Future of Work thought leaders will be increasingly asked to join client meetings, and the workplace strategy team will become a source of leads for the transaction and accounts-based business, instead of it being predominantly the other way around. An economic slowdown and space-contractions by occupiers will only amplify this trend, further shifting power-centres within CRE service firms.

3. A changing of the guard – new leaders

New and more innovative ways of providing solutions for clients and managing people remotely will mean that some leaders will be left behind. As noted above, prop-tech will become a much more important part of client solutions, requiring leaders who embrace technological change and are capable of promoting it. The old-fashioned command style of leadership, which focuses on input rather than output and was already in decline, will become extremely irrelevant with a workforce which is increasingly dispersed. The leaders of the coming decade will be required to increase engagement and drive performance by managing remotely. These are new skills which some existing leaders are not well equipped with. To be clear, I am not saying that all long-tenured leaders are an endangered specious, or that leaders over a certain age are not capable of adapting. Don’t worry, the new senior leaders will not be all millennials just yet! Indeed, many of the existing leaders are there because they have the very skills needed to adapt and will be more than capable of getting the most out of their people in the future office. In fact, many firms regularly implement leadership changes, putting in place leaders they believe are “future ready” and ensuring that emerging leaders get their opportunities at the right time, before they get restless and jump ship.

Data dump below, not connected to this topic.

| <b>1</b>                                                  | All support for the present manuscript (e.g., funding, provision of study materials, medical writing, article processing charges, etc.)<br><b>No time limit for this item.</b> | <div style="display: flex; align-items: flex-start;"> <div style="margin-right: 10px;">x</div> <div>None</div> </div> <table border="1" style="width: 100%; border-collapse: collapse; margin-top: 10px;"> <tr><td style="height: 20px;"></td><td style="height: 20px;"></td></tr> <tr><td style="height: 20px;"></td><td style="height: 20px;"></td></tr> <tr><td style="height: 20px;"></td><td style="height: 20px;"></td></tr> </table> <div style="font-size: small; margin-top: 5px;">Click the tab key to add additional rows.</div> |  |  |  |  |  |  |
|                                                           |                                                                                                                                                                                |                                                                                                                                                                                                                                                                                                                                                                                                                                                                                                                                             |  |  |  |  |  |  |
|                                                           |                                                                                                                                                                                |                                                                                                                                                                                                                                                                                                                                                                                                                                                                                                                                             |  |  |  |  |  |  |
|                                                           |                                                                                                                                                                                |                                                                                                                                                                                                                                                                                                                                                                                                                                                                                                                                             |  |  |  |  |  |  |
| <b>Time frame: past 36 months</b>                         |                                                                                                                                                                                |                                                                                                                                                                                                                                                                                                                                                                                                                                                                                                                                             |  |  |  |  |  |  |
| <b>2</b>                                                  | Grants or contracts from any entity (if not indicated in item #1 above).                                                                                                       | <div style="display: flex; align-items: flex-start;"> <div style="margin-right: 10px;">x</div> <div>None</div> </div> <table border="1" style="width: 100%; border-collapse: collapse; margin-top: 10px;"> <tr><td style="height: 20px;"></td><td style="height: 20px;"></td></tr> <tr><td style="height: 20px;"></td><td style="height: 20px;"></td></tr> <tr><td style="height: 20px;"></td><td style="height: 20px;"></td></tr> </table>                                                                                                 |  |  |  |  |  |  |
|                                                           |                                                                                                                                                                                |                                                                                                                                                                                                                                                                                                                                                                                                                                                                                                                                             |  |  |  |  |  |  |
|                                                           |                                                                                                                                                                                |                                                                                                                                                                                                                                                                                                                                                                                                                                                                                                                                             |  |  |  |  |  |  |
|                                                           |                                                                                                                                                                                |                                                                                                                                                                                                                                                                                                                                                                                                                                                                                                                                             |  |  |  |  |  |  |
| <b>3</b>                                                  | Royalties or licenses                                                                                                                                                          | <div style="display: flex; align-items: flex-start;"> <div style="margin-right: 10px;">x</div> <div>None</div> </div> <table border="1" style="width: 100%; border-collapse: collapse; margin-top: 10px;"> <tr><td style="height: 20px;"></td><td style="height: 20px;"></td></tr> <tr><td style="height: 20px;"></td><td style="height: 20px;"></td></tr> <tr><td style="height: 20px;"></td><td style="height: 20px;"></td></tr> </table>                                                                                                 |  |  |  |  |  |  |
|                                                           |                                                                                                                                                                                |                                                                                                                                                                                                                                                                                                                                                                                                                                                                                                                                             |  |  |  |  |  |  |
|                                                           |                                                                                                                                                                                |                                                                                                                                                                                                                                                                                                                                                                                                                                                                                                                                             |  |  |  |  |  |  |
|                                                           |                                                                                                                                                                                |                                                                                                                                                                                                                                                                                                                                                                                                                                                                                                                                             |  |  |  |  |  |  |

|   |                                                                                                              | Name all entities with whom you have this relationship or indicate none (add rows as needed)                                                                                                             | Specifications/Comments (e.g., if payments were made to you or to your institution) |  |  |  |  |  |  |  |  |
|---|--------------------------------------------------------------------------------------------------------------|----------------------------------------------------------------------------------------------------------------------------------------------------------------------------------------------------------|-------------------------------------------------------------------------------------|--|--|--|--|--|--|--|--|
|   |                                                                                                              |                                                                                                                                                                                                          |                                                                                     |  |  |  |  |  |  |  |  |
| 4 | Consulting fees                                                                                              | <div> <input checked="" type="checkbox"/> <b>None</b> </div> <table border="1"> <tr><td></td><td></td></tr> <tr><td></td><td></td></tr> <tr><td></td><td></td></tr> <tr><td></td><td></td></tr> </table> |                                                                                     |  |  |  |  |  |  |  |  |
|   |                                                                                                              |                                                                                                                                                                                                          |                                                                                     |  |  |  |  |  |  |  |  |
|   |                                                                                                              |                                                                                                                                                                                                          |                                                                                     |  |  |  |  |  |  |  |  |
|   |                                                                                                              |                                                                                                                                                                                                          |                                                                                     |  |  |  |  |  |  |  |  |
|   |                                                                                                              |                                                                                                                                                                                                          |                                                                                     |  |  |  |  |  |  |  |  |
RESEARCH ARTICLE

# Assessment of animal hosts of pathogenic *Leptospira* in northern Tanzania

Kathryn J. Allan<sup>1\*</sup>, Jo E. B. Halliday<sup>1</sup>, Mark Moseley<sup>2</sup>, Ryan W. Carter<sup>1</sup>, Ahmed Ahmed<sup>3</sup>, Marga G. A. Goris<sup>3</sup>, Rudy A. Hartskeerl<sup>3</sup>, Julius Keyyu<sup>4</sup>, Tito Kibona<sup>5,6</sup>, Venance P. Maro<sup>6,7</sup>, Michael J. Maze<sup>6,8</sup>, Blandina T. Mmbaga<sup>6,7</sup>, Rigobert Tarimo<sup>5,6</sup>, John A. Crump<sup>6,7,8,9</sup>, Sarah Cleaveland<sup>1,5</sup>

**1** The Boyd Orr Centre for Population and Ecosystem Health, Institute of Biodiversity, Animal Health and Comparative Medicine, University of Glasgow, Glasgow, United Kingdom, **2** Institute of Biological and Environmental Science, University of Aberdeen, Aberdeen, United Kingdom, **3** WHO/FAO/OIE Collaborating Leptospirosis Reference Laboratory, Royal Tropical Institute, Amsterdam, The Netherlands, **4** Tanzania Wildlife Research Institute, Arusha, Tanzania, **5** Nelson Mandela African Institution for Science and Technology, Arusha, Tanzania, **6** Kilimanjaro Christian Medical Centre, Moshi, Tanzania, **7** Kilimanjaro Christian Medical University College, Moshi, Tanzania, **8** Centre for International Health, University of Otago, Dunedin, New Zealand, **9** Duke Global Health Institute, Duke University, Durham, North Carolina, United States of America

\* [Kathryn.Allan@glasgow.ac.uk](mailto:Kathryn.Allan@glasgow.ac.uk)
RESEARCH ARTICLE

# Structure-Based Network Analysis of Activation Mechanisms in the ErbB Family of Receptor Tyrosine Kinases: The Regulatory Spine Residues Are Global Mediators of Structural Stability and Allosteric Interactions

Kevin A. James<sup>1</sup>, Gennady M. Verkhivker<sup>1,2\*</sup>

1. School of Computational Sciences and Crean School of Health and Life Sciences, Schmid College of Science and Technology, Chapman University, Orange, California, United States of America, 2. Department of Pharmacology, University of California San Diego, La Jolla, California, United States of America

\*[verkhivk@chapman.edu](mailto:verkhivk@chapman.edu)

What I am saying, though, is that some of today’s leaders won’t make it because they are unable or unwilling to adapt, with their style of leadership not being congruent with the new way of working. Some of these leaders may well be a lot younger than the ones who will do a great job in the 2020s. This changing of the guard will be part of the cycle of leadership churn that some firms regularly implement and all firms eventually go through. The Coronavirus will provide the impetus to accelerate the process for firms that previously perhaps didn’t have the time or motivation to make strategic leadership transitions, while other firms will be forced to confront these realities out of necessity. Now what… I hope you enjoyed this three-part blog series about the lasting impacts of COVID-19 on commercial real estate, with a focus on Australia’s office markets. Some people agree with my predictions, and others have different views. I have shared these thoughts to stimulate discussion and contribute to the debate – I welcome your thoughts to move the conversation forward further. Time will tell if these predictions come true. Until then, I will keep offering views on topics impacting our industry. If you have opinions to share, and would like support in enhancing your own professional profile by creating and sharing content, I would be happy to help you do that.